ACOG recommends pregnant women limit their overall caffeine consumption from all sources including coffee, tea, soda and chocolate, to 200 milligrams a day. To put that in perspective, an 8-ounce regular coffee is 95 milligrams of caffeine so have two and you’re at your max for the day.
I love coffee and tea so when I was pregnant, I referred to this caffeine chart on BabyCenter.com.
3. Don’t Forget You Need More Iron
During pregnancy, you need about double the amount of iron than you did before pregnancy so that your body can make more blood to supply oxygen to your baby.
ACOG recommends 27 milligrams of iron a day which you can likely get from your prenatal vitamin.
But be sure to eat iron-rich foods too like beef, chicken, fish, beans and peas and iron-fortified cereals. Also, eating iron-rich foods with foods high in vitamin C can help your body more efficiently absorb iron. So if you make a vegetarian chili with beans, add in tomatoes, for example.
4. Don’t Eat These Foods
During pregnancy, there are certain foods you should avoid because of the risk of bacteria, viruses and parasites that cause foodborne illness and serious problems for you and your baby. Soft cheeses, lunch meats and raw fish are some but check FoodSafety.gov for a complete list of foods to avoid during pregnancy.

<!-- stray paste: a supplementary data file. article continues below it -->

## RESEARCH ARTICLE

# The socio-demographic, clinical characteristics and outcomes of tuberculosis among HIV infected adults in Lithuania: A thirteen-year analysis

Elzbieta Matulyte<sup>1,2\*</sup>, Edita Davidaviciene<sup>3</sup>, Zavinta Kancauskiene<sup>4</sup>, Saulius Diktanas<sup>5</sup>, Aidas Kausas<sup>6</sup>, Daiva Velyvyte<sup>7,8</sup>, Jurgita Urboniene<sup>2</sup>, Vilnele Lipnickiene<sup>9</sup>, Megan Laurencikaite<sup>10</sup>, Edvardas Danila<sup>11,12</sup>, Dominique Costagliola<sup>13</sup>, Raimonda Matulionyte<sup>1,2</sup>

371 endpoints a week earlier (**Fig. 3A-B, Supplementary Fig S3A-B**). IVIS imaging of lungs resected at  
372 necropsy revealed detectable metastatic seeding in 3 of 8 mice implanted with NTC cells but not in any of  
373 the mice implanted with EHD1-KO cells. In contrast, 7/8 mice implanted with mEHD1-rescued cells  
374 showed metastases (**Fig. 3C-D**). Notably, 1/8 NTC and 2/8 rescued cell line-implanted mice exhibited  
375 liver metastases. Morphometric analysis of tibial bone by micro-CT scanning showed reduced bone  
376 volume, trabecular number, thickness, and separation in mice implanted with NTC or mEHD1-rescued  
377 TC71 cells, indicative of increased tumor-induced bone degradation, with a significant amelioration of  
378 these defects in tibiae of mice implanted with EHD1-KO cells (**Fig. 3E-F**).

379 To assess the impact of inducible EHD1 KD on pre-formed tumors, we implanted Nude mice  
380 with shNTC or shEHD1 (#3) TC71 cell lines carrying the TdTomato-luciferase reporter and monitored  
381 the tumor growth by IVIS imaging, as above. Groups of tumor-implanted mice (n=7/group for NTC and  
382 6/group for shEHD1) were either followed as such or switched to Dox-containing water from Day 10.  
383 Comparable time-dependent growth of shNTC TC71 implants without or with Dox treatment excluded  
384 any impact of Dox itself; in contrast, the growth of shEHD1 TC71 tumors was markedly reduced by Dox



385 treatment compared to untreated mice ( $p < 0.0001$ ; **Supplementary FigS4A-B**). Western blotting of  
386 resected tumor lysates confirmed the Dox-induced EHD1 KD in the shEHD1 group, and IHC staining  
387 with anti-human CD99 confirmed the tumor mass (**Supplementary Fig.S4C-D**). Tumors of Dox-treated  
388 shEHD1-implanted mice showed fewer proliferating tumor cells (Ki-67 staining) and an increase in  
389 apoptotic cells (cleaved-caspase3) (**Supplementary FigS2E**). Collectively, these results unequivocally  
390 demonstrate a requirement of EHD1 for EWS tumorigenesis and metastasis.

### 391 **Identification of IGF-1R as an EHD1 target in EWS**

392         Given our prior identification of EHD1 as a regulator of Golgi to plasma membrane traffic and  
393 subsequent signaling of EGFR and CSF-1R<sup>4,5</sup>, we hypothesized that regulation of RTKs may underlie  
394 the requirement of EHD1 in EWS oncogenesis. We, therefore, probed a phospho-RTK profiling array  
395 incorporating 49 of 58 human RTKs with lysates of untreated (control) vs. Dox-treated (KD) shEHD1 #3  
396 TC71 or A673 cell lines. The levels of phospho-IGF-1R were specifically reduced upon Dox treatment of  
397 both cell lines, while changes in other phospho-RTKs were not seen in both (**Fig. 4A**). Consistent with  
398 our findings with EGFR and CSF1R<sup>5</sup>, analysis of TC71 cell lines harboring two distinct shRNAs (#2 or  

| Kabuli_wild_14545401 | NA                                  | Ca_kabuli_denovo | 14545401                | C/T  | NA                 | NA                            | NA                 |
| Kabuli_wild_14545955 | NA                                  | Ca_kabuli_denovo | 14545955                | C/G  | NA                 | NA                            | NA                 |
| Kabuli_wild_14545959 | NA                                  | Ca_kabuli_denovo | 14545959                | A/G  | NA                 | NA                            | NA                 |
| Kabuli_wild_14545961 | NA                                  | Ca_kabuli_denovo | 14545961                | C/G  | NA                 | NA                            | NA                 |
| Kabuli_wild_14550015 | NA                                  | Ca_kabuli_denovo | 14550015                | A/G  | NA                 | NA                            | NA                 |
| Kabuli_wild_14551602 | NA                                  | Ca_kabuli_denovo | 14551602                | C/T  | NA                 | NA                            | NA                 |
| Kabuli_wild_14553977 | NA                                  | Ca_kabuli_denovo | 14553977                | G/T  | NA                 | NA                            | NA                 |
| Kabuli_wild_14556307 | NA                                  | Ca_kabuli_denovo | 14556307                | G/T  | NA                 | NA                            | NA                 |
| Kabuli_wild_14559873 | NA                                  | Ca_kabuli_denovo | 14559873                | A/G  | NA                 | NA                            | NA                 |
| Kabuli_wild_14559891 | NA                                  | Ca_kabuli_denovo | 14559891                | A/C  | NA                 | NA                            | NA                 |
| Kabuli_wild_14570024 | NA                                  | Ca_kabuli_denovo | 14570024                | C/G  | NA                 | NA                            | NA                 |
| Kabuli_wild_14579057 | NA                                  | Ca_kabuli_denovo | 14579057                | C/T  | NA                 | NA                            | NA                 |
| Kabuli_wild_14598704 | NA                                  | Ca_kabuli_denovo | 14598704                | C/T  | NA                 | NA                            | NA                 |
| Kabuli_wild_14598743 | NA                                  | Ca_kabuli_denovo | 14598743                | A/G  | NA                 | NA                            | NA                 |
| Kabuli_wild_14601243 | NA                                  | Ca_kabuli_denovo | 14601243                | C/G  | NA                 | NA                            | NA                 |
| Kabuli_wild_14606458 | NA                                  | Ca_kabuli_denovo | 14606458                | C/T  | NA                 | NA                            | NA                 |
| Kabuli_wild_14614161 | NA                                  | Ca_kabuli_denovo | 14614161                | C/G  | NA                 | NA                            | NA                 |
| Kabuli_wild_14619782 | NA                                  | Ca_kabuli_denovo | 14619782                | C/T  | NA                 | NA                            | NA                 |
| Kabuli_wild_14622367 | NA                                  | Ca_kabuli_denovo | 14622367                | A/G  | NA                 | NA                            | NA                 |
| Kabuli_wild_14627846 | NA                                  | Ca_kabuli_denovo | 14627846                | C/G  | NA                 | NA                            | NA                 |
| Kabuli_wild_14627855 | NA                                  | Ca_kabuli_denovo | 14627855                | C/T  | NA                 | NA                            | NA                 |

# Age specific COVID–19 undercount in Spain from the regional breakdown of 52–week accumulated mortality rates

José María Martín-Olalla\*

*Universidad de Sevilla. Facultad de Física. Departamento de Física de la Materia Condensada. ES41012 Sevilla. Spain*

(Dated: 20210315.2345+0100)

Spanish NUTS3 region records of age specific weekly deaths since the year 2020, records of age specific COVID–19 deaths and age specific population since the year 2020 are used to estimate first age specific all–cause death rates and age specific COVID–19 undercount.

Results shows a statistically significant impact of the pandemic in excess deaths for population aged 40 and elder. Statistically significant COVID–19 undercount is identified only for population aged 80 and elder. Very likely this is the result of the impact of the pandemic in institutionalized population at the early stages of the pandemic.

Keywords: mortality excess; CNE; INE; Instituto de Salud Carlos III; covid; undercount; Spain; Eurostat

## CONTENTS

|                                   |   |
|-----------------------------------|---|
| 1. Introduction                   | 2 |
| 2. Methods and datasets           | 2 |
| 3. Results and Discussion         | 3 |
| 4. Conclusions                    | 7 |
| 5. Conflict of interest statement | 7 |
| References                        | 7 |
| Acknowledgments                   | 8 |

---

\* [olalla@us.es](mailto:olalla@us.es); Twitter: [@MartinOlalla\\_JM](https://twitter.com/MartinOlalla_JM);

5. Don’t Diet
According to a 2012 survey by SELF magazine and CafeMom.com, nearly 50 percent of pregnant women admitted to restricting calories, eliminating entire food groups and eating a lot of low-calorie and low-fat foods. A few women said they even turned to fasting, cleansing, purging and using diet pills and laxatives.
You might be worried about gaining too much pregnancy weight or losing the baby weight after you give birth but pregnancy isn’t the time to diet.
Be sure to check out the pregnancy weight gain recommendations which take into account your pre-pregnancy weight and if you’re having one baby or multiples. Yet whether you’re overweight or on target, the key is to eat healthy and pay attention to portions.